I’ve been putting off writing this journal entry for a little while, but it can’t be avoided forever.
It’s now almost two weeks since my beloved mother passed away, but those two weeks have done little to ease the pain of losing her.
I sometimes feel I’m gaining control of my emotions, but that feeling comes and goes, only to be replaced by a deep despair. One minute I’m resigned to the fact that I’ll never be able to sit and talk with her again...the next minute I’m unable to accept that very same fact.
I’m living in a surreal world where she simultaneously exists and doesn’t exist.
To be honest, we thought we were about to lose her last year. At the beginning of October 2019 she was rushed into hospital in Wakefield with a suspected heart attack. I received a phone call from my nephew Julian to say that he’d called an ambulance and that she had been taken to the accident and emergency department at Pinderfields hospital. Emi and I drove over there from York as quickly as possible.
We found Mum in the A+E department, connected to various monitors but in a stable state. Like myself, she hated the idea of being in hospital and seemed more anxious about her surroundings than the condition of her heart.
Later she was moved onto a ward and we found her sitting, dressed, in a chair at the side of her bed. She seemed to have recovered fairly well and would be discharged in a day or two. We brought her some magazines, fruit and biscuits, and over the next day felt more positive about the outcome.
Then, on our next visit to the ward, she was nowhere to be seen and her bed had a different patient in it. After enquiring where Mum was we were taken to a private room where Mum lay, semi-conscious in a bed, hooked up to monitors and drips. We were told that she had a severe chest infection, probably pneumonia, a urine infection, and several other problems.
The next days, weeks and even months became a nightmare, a rollercoaster of slight improvements followed by further dramatic deteriation. Most of the time she seemed unconscious, or semi-conscious, and when awake was suffering from delerium and confusion. It was at this point that we feared that she had reached the end of her life.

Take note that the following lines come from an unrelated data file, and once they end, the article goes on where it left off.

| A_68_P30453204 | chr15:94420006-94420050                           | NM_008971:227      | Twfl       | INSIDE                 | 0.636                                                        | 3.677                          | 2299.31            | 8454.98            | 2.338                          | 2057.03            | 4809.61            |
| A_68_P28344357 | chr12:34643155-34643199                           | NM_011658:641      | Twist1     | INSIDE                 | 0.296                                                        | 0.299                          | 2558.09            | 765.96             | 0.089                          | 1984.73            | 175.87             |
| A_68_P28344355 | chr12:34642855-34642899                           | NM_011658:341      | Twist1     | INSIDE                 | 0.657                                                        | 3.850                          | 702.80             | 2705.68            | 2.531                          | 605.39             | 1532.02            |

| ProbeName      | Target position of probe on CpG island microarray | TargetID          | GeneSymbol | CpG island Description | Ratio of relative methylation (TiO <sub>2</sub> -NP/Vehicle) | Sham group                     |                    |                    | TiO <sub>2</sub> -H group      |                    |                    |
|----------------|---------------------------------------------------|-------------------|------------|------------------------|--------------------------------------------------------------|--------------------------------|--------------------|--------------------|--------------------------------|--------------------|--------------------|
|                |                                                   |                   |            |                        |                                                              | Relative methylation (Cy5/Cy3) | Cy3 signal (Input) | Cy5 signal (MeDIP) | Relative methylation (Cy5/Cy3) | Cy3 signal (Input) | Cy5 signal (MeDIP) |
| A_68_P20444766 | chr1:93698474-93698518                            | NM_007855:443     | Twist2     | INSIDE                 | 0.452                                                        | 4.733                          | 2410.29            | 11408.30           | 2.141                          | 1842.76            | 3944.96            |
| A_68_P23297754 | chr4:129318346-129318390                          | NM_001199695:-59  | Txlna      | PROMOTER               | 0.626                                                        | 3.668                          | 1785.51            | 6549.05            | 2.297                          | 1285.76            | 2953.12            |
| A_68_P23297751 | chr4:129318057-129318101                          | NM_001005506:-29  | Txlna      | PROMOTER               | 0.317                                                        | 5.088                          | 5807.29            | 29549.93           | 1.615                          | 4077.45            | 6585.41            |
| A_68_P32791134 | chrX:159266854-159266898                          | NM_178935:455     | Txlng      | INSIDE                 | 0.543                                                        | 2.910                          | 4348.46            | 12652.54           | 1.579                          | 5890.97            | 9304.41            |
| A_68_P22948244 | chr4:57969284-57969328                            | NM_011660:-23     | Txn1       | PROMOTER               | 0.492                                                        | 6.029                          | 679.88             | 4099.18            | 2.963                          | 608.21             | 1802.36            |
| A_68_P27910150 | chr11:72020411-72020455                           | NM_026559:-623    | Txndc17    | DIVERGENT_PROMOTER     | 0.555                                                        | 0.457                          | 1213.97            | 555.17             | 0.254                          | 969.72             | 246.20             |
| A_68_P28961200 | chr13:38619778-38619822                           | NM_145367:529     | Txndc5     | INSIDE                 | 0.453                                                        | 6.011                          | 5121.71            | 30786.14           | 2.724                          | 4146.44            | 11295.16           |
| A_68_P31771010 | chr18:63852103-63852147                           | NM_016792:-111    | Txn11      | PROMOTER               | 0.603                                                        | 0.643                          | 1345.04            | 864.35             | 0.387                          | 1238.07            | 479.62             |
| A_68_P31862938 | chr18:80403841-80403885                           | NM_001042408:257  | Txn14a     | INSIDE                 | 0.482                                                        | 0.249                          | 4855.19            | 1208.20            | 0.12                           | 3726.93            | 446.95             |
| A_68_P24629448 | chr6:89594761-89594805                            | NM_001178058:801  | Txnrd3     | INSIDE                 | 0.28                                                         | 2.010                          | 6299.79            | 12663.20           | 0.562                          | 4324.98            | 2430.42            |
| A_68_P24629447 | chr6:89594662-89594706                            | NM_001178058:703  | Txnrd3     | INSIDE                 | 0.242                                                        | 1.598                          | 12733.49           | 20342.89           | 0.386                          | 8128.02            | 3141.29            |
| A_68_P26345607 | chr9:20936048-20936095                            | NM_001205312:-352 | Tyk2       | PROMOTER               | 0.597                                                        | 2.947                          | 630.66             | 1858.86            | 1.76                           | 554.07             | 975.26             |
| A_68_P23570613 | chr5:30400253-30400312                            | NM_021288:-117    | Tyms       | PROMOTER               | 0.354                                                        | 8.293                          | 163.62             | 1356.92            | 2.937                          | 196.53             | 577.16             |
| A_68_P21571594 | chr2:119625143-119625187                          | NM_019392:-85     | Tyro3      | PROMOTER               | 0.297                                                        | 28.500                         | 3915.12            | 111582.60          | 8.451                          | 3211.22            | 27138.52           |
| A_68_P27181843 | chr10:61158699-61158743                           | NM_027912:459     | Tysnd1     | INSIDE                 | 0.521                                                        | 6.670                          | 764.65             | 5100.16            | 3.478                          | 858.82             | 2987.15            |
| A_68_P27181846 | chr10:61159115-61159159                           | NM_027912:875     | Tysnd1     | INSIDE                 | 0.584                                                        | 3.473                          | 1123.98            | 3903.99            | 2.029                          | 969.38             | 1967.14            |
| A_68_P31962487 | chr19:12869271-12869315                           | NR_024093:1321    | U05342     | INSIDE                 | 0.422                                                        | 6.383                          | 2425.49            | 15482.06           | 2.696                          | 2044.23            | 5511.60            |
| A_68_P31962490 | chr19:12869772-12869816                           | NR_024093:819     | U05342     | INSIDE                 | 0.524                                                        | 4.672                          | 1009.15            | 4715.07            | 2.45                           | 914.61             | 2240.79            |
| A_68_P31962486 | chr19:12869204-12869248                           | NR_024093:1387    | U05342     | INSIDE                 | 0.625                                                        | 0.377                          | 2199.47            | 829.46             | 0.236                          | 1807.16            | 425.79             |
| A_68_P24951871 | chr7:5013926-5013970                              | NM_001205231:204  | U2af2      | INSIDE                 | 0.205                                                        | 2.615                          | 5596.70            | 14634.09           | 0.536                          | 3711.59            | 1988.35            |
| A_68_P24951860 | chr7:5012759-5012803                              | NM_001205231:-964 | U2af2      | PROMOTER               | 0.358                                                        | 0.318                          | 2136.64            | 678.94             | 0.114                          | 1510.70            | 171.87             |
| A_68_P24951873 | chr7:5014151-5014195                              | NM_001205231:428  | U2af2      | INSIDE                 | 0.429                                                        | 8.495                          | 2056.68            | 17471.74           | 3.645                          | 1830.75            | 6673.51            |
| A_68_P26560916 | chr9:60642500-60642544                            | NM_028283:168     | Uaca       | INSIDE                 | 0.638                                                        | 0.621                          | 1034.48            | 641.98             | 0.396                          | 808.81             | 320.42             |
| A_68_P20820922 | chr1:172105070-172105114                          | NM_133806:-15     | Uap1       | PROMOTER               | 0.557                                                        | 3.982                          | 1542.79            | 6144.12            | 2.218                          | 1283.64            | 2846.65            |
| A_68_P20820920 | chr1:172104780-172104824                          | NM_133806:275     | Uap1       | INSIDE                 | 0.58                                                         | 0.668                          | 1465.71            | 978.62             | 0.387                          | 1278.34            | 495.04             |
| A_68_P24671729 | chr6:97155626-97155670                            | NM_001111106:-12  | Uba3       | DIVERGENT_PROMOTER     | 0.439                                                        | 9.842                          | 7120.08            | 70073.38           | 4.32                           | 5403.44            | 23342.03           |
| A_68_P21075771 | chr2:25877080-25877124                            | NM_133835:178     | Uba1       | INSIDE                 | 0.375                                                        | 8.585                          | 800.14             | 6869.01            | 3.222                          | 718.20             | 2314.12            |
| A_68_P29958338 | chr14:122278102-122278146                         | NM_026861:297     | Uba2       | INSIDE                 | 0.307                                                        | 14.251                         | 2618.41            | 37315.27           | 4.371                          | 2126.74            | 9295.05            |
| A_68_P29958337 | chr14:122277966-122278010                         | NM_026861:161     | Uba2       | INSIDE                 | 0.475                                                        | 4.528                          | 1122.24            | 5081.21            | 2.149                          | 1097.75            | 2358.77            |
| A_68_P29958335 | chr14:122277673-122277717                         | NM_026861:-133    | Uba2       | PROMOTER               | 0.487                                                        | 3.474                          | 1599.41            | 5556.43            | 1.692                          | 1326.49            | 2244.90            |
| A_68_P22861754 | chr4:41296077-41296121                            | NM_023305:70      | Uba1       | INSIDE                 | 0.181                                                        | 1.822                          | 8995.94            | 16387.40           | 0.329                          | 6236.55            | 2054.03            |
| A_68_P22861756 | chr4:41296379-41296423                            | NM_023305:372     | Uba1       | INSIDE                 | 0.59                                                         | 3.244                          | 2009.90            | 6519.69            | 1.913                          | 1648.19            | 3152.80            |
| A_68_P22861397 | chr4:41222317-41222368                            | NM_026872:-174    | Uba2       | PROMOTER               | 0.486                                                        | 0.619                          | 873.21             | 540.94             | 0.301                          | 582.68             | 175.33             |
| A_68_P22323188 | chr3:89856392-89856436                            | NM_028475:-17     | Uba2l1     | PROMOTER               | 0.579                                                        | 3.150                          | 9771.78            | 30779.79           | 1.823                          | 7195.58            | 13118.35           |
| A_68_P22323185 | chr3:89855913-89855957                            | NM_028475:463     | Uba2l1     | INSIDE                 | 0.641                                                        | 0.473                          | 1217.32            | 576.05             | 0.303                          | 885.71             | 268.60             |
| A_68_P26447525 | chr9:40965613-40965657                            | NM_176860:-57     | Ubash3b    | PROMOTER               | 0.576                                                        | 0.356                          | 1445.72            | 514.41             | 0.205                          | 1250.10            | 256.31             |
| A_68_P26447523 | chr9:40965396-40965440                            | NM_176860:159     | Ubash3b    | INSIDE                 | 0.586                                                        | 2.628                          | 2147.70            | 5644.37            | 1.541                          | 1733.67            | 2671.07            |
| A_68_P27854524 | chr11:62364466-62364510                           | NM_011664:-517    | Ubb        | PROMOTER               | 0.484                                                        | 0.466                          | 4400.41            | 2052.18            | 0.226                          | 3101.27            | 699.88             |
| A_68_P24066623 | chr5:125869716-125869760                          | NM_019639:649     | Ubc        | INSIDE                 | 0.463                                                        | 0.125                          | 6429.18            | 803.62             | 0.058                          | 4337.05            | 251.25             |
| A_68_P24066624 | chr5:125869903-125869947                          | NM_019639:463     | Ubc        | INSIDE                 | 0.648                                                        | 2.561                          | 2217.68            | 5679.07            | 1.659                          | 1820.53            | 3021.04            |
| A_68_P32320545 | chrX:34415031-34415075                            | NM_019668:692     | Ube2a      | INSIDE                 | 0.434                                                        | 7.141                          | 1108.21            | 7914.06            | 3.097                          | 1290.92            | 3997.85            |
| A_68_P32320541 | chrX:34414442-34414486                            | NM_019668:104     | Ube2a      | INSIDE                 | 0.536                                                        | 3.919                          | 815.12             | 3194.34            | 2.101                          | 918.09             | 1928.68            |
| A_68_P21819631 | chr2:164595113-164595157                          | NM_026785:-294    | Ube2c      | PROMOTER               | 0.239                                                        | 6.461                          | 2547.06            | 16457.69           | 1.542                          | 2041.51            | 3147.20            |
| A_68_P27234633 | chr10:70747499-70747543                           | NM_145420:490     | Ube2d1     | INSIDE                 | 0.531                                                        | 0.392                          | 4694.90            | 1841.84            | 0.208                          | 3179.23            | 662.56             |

We travelled to Wakefield every day to sit at her bedside for a few hours, willing her to get well. It dragged on mercilessly with no apparent improvement.
Then, one day, we were told that she had been moved downstairs to a different ward where we found her in yet another private room, but slightly more conscious and a little bit improved, though still clearly very ill.
The next day she was moved from the private room onto a ward with six beds occupied by other elderly ladies, some of whom were prone to bouts of strange behaviour. Mum was in a bed beside a big picture window with a reasonably pleasant view but, once again, her condition oscillated between poor to deeply worrying.
One of the problems had been that she wasn’t eating and drinking enough, dehydration being a major concern along with low blood pressure. She had been given fluids intravenously but now water on her lungs and heart were an issue and she needed medication to try and deal with that. It was a difficult balancing act.
Over the next few weeks we made our usual daily trip to Wakefield to spend time with her, sometimes feeling hopeful, sometimes feeling incredibly worried and depressed by it all.
Then one day, she was moved from Pinderfields hospital to a hospital in Dewsbury as the bed at Pinderfields was desperately needed for another patient. Once again, she was placed in a ward with other elderly ladies, some of whom seemed to be suffering from either dementia or other mental confusions. Mum too had her bouts of delerium during this time. It was deeply distressing.